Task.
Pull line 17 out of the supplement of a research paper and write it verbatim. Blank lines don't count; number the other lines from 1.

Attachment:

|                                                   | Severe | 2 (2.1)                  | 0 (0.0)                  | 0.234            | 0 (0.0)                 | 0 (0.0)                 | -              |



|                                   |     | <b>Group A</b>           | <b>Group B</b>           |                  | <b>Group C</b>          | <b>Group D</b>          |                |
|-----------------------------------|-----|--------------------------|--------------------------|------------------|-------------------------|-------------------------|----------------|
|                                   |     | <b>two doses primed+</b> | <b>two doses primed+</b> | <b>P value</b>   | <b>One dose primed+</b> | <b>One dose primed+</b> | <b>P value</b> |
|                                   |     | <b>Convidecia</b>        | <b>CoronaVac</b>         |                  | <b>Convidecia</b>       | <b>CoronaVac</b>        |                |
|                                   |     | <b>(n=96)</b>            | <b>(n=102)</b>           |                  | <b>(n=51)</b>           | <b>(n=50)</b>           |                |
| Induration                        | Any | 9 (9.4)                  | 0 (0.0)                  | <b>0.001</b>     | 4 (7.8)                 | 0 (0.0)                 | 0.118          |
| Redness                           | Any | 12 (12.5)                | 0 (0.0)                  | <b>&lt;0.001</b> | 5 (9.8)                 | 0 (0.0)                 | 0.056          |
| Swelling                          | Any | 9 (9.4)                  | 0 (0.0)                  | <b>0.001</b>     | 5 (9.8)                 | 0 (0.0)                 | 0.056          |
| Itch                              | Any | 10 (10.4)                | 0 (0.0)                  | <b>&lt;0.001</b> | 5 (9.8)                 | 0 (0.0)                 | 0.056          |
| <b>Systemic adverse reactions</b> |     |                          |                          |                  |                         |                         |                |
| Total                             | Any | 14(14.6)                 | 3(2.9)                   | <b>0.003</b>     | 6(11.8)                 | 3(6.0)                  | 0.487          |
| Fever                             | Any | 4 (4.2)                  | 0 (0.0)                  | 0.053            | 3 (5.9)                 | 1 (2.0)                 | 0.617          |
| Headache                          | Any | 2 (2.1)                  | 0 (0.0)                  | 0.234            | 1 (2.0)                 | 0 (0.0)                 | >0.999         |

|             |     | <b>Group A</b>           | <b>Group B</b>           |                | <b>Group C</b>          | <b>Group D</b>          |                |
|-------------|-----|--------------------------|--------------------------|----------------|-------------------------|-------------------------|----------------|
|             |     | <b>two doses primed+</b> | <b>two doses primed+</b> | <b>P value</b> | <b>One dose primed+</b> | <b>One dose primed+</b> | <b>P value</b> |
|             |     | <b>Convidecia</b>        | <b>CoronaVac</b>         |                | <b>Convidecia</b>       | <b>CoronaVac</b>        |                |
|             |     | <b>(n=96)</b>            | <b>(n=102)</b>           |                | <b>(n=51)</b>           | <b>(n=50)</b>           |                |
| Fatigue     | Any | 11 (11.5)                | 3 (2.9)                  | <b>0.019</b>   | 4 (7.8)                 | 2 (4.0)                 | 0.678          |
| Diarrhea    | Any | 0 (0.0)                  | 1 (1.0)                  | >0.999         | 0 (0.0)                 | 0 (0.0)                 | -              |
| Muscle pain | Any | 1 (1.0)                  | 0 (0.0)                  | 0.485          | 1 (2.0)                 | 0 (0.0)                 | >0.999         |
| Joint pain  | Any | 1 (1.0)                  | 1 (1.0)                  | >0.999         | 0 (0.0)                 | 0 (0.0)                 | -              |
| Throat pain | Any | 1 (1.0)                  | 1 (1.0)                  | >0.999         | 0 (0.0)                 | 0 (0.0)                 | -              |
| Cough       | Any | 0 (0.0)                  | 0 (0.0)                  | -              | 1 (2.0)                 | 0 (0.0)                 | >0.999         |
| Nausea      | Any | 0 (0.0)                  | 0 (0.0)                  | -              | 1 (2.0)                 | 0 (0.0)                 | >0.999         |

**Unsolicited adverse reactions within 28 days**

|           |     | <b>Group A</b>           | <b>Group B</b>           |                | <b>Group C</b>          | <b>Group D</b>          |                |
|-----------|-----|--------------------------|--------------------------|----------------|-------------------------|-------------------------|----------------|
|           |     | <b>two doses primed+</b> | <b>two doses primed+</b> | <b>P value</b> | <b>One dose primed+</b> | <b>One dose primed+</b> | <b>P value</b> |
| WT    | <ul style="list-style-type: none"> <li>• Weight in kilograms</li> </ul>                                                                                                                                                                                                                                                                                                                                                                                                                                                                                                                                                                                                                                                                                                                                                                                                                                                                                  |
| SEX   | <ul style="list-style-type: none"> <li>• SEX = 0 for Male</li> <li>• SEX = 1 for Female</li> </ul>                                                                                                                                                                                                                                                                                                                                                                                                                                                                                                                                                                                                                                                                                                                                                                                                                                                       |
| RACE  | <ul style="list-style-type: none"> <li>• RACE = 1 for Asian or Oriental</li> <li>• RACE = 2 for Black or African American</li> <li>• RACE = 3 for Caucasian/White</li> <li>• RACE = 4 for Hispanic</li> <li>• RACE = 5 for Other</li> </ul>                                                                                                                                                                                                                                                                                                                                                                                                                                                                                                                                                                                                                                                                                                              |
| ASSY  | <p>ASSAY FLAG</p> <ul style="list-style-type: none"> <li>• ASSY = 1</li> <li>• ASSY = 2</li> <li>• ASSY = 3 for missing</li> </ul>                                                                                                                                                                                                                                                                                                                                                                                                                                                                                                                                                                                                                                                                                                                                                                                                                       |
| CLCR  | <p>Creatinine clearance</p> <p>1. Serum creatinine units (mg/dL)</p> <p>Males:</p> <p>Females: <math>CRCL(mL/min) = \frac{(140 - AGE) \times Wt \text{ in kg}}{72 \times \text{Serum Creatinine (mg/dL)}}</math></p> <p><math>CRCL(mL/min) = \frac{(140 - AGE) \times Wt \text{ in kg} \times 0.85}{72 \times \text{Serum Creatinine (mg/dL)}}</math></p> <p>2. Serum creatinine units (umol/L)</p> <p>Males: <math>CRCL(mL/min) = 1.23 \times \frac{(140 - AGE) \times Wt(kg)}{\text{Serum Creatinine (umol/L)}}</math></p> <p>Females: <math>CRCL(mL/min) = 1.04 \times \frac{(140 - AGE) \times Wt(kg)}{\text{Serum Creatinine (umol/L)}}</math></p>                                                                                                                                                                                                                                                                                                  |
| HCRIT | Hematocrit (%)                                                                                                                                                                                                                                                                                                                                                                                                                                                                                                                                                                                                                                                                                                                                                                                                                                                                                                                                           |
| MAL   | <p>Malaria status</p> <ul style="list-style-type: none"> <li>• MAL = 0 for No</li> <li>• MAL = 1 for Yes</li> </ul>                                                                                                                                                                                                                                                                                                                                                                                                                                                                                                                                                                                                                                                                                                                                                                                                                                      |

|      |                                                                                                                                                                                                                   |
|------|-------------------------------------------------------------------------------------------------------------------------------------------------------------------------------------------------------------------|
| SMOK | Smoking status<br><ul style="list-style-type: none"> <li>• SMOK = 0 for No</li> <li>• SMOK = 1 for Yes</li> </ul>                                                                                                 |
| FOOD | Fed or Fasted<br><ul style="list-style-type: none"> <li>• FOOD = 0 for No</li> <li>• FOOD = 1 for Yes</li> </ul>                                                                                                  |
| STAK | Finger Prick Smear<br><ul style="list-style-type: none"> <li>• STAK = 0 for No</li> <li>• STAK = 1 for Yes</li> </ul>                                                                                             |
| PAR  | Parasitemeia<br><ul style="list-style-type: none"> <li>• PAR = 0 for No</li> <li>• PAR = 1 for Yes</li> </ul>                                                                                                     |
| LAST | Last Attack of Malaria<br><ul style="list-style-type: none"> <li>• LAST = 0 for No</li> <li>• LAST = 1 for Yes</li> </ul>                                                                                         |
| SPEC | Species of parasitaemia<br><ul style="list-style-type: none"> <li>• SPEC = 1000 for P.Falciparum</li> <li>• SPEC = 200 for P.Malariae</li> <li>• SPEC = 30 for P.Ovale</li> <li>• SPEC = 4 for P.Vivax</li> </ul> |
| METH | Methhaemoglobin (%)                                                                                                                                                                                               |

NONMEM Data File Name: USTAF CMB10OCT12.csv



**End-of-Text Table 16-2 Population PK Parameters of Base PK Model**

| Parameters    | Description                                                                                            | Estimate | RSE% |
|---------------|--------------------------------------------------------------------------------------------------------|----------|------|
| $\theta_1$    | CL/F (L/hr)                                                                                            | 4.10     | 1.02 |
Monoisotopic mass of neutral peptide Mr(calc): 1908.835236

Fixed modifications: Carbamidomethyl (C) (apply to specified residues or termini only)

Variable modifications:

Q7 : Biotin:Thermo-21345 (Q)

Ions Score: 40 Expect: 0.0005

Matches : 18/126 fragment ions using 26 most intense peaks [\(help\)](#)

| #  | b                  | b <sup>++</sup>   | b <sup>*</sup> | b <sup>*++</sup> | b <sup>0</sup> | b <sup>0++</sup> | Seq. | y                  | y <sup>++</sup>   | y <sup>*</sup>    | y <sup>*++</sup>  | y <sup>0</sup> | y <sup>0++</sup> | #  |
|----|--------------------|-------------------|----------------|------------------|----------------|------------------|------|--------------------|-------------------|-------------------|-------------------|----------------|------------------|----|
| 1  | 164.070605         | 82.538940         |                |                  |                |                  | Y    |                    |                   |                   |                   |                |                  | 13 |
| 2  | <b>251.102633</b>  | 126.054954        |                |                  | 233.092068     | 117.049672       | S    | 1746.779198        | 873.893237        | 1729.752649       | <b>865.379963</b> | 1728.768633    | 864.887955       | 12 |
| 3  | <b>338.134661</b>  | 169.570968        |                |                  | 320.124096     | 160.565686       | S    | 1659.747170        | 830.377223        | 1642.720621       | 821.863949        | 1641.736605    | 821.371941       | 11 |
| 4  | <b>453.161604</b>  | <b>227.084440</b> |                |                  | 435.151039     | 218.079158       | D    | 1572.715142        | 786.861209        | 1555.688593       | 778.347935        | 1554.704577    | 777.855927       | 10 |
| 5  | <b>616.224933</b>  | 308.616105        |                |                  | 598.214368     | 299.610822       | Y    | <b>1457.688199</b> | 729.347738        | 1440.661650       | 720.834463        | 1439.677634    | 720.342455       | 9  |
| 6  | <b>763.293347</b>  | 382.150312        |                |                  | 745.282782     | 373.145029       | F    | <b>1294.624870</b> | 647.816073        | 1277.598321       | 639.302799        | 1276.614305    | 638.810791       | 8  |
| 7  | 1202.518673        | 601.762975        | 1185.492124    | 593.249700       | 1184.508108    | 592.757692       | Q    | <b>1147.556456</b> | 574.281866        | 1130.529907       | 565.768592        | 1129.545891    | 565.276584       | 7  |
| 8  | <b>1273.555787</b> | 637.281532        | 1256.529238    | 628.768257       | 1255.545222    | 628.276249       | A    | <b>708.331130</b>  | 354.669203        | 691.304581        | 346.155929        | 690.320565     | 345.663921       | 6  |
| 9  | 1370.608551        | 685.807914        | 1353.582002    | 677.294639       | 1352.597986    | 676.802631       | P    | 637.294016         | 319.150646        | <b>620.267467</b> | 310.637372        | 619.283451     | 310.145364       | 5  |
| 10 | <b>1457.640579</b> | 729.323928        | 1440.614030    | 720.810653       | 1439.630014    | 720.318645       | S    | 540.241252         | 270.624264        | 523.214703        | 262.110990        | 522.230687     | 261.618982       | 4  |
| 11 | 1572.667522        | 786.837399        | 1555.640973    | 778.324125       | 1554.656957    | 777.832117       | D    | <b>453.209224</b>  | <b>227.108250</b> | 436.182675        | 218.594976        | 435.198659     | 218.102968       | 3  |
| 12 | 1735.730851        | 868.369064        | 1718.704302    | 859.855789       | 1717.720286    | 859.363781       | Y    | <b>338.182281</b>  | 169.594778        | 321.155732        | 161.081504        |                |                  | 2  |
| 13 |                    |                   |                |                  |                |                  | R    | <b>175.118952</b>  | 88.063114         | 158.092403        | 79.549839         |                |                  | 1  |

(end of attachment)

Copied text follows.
|             |     | <b>two doses primed+</b> | <b>two doses primed+</b> | <b>P value</b> | <b>One dose primed+</b> | <b>One dose primed+</b> | <b>P value</b> |